St Giles is a church with an unlovely exterior. It sits at the bottom of Castle Hill, looming over the crossroad north of Magdalene Street. It sits a little way up the slope, and hence has a rather imposing position, but this is mostly wasted - the church was entirely rebuilt in 1875, a projected tower was never built, so all that one now sees is a long nave with two aisles and a bleak west end, all built in blackening brick. Indeed, in an earlier version of this page I gave my opinion was that St Giles is probably the most unattractive church in the city. The view from the west has a certain bleak grandeur, I suppose - a mass of brown brick with a buttress in the middle and two mean windows on either side - but only when I'm feeling at my most Larkin-esque do I even come close to liking it. [Mark adds: I disagree (although I'm no huge fan of St Giles it is certainly the case that St Andrew the Great is worse) and I think it can look almost noble when seen from St Peter's across the road, tall and french...at least on a fine sunny December day.]
We received several representations about this judgement and, although St Giles is still far from one of my favourite churches, after several years of trying Mark and I managed to get inside early in 2009, and found it surprisingly nice. It helped that we visited when the church was full of life - various church officials were pottering around preparing for the service on the next day, and an orchestra was rehearsing the William Tell overture with a lot of gusto. The church officials were a bit officious (one man was quite shirty with Mark about his taking photographs) but there was nevertheless a welcoming feel to the place. I wish I'd made it in earlier.
The main mass of the church is a broad nave of four bays. The arcades are simple, with very wide arches, and are topped by a large expanse of sandblasted wall. Clerestory windows sit pairwise in deep frames, and the pairs are divided by little engaged shafts which support the severe barrel-shaped roof. The windows are filled with quite dark glass, but on a bright day the nave was still full of light.
Indeed, the windows are worthy of mention, especially in the aisles. The windows here depict various saints and other luminaries of the Church of England - not just the usual people like St Catherine of Siena, St Augustine, St Edward the Confessor and St George; but also Charles I and Henry VI, the latter looking very androgynous and carrying a little model of the chapel of King's College.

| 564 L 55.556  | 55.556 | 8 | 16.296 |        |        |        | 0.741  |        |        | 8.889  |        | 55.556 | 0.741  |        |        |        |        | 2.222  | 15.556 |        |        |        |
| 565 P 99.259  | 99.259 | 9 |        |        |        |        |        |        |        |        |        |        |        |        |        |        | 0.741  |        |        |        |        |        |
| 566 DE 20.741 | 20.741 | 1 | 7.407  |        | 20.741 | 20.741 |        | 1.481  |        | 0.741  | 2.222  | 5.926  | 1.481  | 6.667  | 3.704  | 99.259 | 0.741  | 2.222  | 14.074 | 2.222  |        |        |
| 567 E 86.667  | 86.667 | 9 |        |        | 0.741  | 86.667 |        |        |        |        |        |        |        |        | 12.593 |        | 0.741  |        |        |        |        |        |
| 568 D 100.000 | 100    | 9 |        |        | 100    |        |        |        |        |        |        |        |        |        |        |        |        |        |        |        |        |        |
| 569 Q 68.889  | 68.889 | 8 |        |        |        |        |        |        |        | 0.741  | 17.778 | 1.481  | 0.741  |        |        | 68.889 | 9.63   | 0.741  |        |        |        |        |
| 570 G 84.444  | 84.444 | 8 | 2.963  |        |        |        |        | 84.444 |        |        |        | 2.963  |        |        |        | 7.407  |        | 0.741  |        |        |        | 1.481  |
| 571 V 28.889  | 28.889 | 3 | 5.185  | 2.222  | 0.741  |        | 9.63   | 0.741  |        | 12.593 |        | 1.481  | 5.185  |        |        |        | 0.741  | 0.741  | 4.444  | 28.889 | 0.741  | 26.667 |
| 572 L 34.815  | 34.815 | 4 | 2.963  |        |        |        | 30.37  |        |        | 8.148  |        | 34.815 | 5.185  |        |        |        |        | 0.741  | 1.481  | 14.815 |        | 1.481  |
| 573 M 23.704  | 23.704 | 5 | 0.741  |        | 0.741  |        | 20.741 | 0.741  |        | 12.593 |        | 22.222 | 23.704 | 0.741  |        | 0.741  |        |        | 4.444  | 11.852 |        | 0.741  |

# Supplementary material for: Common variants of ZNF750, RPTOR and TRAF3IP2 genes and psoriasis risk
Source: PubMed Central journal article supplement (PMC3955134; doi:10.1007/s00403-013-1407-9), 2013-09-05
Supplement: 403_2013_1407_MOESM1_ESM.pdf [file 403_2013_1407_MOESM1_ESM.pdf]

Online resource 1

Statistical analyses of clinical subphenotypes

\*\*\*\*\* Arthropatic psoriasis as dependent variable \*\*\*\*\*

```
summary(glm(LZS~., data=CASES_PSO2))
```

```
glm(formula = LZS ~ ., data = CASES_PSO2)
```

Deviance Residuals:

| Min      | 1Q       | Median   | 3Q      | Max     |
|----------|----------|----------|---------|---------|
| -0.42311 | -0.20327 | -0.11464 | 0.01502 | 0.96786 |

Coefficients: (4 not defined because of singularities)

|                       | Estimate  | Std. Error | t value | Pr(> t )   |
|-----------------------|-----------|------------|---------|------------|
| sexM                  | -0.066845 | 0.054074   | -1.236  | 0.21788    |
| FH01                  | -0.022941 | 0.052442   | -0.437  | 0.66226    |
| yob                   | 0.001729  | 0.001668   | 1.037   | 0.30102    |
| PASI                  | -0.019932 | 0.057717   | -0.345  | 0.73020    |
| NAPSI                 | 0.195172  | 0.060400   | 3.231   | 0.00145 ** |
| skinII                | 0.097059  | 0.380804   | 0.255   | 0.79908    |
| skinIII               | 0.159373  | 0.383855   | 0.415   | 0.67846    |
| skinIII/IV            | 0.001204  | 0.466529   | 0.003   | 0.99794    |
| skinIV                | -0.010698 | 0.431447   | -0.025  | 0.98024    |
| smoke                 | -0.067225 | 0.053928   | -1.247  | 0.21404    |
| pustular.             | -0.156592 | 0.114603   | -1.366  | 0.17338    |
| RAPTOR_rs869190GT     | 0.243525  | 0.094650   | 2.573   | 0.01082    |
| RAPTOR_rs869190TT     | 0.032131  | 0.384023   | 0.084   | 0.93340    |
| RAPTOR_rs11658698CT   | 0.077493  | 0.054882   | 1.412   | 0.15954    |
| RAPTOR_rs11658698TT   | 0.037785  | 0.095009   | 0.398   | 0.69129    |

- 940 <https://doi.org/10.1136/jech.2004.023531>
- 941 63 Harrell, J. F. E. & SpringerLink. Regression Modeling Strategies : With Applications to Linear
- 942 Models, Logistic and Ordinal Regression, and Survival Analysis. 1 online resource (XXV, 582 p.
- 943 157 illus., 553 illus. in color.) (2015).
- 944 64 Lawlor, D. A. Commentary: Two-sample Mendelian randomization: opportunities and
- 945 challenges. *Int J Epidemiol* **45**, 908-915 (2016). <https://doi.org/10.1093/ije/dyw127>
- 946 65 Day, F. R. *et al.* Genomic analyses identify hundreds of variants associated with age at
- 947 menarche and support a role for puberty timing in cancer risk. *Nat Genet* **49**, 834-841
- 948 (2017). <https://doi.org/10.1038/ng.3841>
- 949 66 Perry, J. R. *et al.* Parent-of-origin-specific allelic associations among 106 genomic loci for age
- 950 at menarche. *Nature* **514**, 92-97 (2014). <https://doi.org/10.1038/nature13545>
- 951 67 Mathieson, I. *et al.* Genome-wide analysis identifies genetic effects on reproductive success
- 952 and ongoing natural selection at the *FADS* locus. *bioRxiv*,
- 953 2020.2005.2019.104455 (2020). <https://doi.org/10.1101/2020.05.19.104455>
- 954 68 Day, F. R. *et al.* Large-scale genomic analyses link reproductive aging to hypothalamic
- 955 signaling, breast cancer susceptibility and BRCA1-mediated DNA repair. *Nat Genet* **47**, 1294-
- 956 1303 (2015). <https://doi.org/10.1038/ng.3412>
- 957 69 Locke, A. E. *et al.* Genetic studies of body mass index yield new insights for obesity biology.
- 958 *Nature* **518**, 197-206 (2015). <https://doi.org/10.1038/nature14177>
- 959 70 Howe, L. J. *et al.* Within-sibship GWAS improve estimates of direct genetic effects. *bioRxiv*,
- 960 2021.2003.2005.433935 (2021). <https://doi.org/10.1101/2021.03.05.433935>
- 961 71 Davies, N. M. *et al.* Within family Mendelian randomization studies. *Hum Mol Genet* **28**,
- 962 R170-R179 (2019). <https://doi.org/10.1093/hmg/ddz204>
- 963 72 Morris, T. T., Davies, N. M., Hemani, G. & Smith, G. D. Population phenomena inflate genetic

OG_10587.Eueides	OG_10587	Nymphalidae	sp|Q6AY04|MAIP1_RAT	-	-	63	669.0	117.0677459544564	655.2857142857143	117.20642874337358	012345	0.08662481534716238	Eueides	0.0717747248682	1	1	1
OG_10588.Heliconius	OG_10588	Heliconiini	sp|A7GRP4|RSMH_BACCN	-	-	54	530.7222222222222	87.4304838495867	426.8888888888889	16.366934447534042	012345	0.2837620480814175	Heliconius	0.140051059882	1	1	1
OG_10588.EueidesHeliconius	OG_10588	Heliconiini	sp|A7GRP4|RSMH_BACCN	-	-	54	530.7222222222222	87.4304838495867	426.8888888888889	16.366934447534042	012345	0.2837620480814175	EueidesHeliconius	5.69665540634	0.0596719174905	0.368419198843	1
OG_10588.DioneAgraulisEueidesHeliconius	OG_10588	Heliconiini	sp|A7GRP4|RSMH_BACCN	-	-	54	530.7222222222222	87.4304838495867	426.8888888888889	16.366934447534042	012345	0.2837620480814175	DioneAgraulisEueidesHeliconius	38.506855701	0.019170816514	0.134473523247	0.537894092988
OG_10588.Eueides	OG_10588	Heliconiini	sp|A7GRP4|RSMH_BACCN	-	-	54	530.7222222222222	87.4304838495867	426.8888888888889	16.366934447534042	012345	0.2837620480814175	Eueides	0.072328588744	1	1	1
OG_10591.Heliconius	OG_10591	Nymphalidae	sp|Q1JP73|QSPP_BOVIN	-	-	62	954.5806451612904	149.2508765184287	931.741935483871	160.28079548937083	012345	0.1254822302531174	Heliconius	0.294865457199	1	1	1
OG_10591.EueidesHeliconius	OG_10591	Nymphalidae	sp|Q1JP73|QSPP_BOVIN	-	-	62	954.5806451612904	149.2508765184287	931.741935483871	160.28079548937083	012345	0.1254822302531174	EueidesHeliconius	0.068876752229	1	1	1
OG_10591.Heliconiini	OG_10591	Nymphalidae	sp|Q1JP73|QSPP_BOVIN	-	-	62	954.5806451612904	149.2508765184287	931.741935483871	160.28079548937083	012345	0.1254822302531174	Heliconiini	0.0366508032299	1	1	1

The chancel is guarded by a good rood screen, set up on some steps and most important. Within, the sanctuary has a very French look to it, with a big rose window in the east wall and a couple of tall plain windows.
More excitingly, in the east end of each aisle is a fragment of the older church which was destroyed to build the current structure. In the north aisle sits a heavy thick-set transitional doorway decorated with several layers of zig-zag moulding. It is terribly weathered, but still a nice survival. In the south aisle is an even older survival - the original 11th century chancel arch. It's not as good as the contemporary tower arch at St Benet's in the centre of town, but it is still rather good, and there's something nice about it still being in use after nine centuries. Behind it is a chapel containing some monuments, but it was locked when we visited.
As Mark took his photographs, I drifted up to the west end of the church and looked at a little display of plans from the rebuilding of the church. There was a fine architectural drawing of the west tower which was never built. It would have been quite vast - as tall as the great spire on Our Lady and the English Martyrs, and much more imposing due to its position on Castle Hill. What a pity that they never built it.
St Giles has no information about keyholders, but is now frequently open.